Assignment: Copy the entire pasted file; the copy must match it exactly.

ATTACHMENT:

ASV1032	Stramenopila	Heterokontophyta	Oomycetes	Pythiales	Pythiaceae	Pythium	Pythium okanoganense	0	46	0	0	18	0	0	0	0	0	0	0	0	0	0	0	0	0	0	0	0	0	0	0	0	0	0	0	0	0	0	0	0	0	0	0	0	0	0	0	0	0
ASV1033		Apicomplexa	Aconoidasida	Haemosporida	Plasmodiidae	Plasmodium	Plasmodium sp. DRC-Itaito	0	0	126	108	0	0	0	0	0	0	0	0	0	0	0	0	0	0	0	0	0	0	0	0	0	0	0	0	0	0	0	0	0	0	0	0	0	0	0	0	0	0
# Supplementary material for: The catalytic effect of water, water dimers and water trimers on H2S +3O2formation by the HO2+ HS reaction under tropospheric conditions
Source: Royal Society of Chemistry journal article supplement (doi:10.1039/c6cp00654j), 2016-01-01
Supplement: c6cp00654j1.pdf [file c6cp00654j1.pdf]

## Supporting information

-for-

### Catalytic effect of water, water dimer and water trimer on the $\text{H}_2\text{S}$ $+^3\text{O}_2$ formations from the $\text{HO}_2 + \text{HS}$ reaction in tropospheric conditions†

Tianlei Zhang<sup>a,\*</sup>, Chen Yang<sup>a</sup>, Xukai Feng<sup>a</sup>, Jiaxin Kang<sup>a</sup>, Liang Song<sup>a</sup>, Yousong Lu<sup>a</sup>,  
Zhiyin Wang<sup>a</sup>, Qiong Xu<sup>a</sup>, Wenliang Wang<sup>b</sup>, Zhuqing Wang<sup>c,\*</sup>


ASV1032	Stramenopila	Heterokontophyta	Oomycetes	Pythiales	Pythiaceae	Pythium	Pythium okanoganense	0	46	0	0	18	0	0	0	0	0	0	0	0	0	0	0	0	0	0	0	0	0	0	0	0	0	0	0	0	0	0	0	0	0	0	0	0	0	0	0	0	0
ASV1033		Apicomplexa	Aconoidasida	Haemosporida	Plasmodiidae	Plasmodium	Plasmodium sp. DRC-Itaito	0	0	126	108	0	0	0	0	0	0	0	0	0	0	0	0	0	0	0	0	0	0	0	0	0	0	0	0	0	0	0	0	0	0	0	0	0	0	0	0	0	0
# Supplementary material for: The catalytic effect of water, water dimers and water trimers on H2S +3O2formation by the HO2+ HS reaction under tropospheric conditions
Source: Royal Society of Chemistry journal article supplement (doi:10.1039/c6cp00654j), 2016-01-01
Supplement: c6cp00654j1.pdf [file c6cp00654j1.pdf]

## Supporting information

-for-

### Catalytic effect of water, water dimer and water trimer on the $\text{H}_2\text{S}$ $+^3\text{O}_2$ formations from the $\text{HO}_2 + \text{HS}$ reaction in tropospheric conditions†

Tianlei Zhang<sup>a,\*</sup>, Chen Yang<sup>a</sup>, Xukai Feng<sup>a</sup>, Jiaxin Kang<sup>a</sup>, Liang Song<sup>a</sup>, Yousong Lu<sup>a</sup>,  
Zhiyin Wang<sup>a</sup>, Qiong Xu<sup>a</sup>, Wenliang Wang<sup>b</sup>, Zhuqing Wang<sup>c,\*</sup>